THE FOCUS

427

and organizing and leading Eight-Week Clubs, so-called because they meet weekly for eight weeks. You can not fully understand what such a club is until you have had one. It is a sort of slice of college that you take home to these girls.

A girl

from South Carolina sent in this report of her Eight"The girls who were members of this club lived on Western ranches. They had never been away from, home most of them had never been on the inside of a train. They knew how to ride horses, plow corn, rake hay and cook for farm men, but they had hearts and they had wonderful possibilities of leadership. These girls lived four, five and eight miles apart, but they always had a full attendance. They organized a Sunday school class under their president." The report continues with the story of their ineetings, sewing classes, short stories and Bible study. They remodeled the church, fixing broken windowpanes, mending ragged carpets and broken benches. There was a splendid "Country Round-Up" to which everybody came. She closes her report with this, "You can't imagine the joy this brought into the lives of these girls. They are not the same. They are very happy and are going to continue their club under Mr. Powell, the minister." The leader of another Eight-Week Club closes her report in much the same way 'We are planning to go on with

Week

Club:

—

'

:

our club

all

to be a Y.

winter and

W.

we know we

are

some day going

C. A."

The Young Women's

Christian Association with

highly efficient plan of service

is

its

conserving this tremend-

is developing new leaderCounty Young Women's Christian Association. The County Association is directed by a board of about twenty-five or thirty women, representing practi-

ous pov/er in country places and ship

by means

cally every

of the

township in the county.

The county

secretary,

a specialist for girls in the county, is employed to supervise the Association work of the county. spirit of play is finding its way into country girls' through the County Young Women's Christian AsPerhaps it is just a corn-roast or early mornsociation.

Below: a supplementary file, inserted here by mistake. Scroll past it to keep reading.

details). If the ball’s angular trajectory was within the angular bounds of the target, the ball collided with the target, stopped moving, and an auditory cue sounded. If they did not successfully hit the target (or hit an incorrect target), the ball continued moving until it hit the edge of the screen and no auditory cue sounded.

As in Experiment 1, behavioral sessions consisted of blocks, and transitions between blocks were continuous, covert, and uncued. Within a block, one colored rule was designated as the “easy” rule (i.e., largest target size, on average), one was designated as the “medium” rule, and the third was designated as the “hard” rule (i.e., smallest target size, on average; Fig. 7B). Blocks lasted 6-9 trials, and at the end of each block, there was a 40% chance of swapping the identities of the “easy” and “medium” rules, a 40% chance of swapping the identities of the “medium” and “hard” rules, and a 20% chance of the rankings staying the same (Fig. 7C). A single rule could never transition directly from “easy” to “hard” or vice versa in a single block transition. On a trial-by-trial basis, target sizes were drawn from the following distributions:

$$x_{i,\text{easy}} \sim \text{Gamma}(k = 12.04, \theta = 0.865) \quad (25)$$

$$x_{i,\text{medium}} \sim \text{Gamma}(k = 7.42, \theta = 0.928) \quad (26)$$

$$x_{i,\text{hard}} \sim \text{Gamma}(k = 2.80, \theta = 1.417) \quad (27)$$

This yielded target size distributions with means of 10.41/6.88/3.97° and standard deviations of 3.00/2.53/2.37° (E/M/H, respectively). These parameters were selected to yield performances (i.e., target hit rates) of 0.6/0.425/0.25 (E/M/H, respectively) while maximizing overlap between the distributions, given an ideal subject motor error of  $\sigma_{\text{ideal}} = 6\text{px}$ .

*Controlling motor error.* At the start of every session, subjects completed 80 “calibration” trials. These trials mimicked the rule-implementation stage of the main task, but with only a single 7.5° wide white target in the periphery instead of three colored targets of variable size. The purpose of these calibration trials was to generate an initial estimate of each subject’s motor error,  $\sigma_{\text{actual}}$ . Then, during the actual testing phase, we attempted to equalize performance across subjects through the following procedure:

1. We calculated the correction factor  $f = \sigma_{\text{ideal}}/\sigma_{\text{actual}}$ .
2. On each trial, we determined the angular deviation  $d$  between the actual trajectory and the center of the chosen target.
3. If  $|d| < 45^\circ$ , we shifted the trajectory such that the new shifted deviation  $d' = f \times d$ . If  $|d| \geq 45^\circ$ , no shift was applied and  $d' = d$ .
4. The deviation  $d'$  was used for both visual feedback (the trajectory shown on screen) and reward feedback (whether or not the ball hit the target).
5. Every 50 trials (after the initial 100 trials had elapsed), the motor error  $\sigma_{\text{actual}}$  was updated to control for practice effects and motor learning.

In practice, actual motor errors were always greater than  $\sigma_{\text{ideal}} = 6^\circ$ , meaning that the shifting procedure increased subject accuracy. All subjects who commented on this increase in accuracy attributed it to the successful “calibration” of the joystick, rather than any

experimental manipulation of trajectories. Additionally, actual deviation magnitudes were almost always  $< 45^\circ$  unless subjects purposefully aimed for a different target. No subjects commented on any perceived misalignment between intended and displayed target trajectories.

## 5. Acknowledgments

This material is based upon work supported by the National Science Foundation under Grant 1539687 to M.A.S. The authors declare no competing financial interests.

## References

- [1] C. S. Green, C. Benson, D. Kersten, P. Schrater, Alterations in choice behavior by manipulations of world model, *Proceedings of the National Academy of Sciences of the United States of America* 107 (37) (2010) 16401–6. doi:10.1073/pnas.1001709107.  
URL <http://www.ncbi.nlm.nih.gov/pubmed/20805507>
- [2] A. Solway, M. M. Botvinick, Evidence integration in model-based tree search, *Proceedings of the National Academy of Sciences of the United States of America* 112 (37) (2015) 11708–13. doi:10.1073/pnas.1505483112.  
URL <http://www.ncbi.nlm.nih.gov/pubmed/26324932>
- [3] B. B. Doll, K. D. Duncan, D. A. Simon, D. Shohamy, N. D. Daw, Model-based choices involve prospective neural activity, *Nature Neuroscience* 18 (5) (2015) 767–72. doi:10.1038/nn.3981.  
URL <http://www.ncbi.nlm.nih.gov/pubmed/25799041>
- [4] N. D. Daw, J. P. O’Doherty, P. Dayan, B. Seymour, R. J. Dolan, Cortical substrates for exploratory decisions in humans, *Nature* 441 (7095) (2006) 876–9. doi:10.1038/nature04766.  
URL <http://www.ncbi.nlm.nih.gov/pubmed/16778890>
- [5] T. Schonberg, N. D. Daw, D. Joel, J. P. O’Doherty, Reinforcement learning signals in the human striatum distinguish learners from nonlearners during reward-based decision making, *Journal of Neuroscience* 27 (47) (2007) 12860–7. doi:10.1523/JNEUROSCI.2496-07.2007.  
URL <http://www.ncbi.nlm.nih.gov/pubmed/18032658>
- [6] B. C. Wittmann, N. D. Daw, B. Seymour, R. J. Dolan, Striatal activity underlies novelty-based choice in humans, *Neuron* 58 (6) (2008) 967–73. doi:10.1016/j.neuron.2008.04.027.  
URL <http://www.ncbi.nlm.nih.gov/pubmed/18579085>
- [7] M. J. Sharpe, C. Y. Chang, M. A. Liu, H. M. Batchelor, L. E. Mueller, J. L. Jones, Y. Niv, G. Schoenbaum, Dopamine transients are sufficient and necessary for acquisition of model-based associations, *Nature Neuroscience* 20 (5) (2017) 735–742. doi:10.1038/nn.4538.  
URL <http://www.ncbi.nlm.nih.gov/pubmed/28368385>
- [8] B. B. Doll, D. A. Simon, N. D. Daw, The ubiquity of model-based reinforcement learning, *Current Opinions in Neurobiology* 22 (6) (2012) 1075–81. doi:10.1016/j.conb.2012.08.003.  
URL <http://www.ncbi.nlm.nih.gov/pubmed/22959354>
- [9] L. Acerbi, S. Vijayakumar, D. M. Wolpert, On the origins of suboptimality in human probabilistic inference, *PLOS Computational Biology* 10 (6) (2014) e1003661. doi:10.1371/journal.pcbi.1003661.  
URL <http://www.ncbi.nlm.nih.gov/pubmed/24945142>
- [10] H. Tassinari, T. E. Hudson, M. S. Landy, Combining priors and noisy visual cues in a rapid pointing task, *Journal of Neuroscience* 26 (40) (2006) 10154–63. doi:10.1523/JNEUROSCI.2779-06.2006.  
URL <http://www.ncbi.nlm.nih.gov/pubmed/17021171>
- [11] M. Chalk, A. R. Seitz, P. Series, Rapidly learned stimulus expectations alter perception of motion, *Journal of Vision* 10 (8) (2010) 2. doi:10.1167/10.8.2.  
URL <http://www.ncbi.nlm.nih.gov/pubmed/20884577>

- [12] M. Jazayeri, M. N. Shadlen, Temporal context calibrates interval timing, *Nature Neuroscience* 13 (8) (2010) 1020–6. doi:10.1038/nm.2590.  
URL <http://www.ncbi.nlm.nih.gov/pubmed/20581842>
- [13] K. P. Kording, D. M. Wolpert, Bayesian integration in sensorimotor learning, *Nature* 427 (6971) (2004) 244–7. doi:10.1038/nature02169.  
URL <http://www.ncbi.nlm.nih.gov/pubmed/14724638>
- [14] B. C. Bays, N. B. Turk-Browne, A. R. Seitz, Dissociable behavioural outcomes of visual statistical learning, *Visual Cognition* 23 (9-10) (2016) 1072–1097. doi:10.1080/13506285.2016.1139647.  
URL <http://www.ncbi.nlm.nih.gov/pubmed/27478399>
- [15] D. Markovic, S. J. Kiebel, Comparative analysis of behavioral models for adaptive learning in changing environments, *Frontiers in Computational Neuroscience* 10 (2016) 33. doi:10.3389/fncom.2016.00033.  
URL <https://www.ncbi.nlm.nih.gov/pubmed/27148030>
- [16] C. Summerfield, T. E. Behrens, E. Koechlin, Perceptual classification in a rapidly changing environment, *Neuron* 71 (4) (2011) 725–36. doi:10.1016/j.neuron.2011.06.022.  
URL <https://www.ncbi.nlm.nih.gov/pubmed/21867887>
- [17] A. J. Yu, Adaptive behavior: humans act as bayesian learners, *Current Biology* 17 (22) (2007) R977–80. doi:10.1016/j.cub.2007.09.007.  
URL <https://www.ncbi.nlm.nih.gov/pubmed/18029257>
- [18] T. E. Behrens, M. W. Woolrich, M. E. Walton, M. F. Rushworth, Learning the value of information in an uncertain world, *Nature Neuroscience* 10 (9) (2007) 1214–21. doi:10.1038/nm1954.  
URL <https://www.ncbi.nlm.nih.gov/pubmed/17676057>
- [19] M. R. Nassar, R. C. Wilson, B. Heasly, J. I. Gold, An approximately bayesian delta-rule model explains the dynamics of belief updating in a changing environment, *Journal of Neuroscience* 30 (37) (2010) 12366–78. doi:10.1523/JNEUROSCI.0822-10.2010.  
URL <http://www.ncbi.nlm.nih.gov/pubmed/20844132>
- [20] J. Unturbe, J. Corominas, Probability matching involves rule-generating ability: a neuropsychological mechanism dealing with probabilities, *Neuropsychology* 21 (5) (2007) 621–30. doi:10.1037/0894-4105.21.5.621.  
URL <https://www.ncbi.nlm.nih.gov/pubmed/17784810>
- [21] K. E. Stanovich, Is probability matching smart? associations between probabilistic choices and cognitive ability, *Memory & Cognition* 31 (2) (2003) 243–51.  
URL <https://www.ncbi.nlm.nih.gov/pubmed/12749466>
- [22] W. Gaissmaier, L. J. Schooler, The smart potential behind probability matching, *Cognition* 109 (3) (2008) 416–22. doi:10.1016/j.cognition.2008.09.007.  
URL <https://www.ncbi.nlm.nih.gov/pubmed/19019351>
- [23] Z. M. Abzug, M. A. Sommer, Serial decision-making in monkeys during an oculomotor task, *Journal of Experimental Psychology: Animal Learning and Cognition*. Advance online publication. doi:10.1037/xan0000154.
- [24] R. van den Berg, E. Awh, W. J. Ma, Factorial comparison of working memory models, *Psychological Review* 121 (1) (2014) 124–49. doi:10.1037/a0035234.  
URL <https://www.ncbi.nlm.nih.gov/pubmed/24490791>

The

lives


THE FOCUS

428

Outdoor games and tramps through the ing breakfast. woods together are making the country a happier place to Nowhere are folk dances so beautiful as they are out live in.

among

the green trees.

In their work, as well as in their play, these girls are

team work. In spite of long distances, bad roads, rain and snow, they are working together. In Woodford County, Illinois, one hundred girls from five communities gave together a Pageant of Sisterhood, each community of girls giving an episode while the Spirit of Sisterhood united them all. By cabinet house parties, county girls' congresses, by a federation of all the clubs of a county, by athletic meets, banquets and by many other ways the girls of a county are learning to work together for one common goal. To sum up the work of the Association in country places, it is bringing broader boundaries, bigger and richer lives. A college girl wrote this to me the other day: "Shailer learning the art of

Mathews said, 'Our God is as big as our knowledge.' I don't remember anything else about it I've been thinking of

—

wonderful to think that everything you learn adds to the 'bigness of your God?' " By adding to the bigness of these girls' lives the Association is adding that ever since.

Isn't

it

to the bigness of their into personal loyalty to

When

God, and Him.

it is

bringing their lives

there are five million girls living in the country

places of the United States, don't you suppose there

some

is

sort of a place of service in these United States for

the college girls

who

are strong

and young and

intelligent?


THE FOCUS

Mt

Wlfat Blue Ridge

ÂŽ(|tttk

Mm

nf

Stbg^

sunny smiles and

the place where

is

429

friendly

hearts help you on your way.

It gives larger vision

broader interests.

Kafherine Middleton.

and

a place where you meet people whose very faces

It is

the

reflect

of Jesus,

life

and from

whom you

learn the

significance of true Christian character.

Annie Loving.

—

Blue Ridge means friendship with each other and with It brings a sense of oneness and the Friend of us all. Nancy Lewis. a feeling that we "belong."

The

spirit of

leaders,

change

made in

my

Blue Ridge, expressed in the lives of the a lasting impression and caused a deep Marjorie Matthews. life.

you want to broaden your interests, especially your friendships, and also make friendships, be one of the If

Ellen Lash.

delegates to Blue Ridge.

Blue Ridge spirit.

What

spirit reigned

The

me The

the place where one finds true

a happy

among

school this

would be

if

community that same

Marcella Barnes.

us

lives of those there testified that the Christ life is

Blue Ridge through Nature spoke one. Florence Hall. wonderful works. of God's

the truly to

is

happy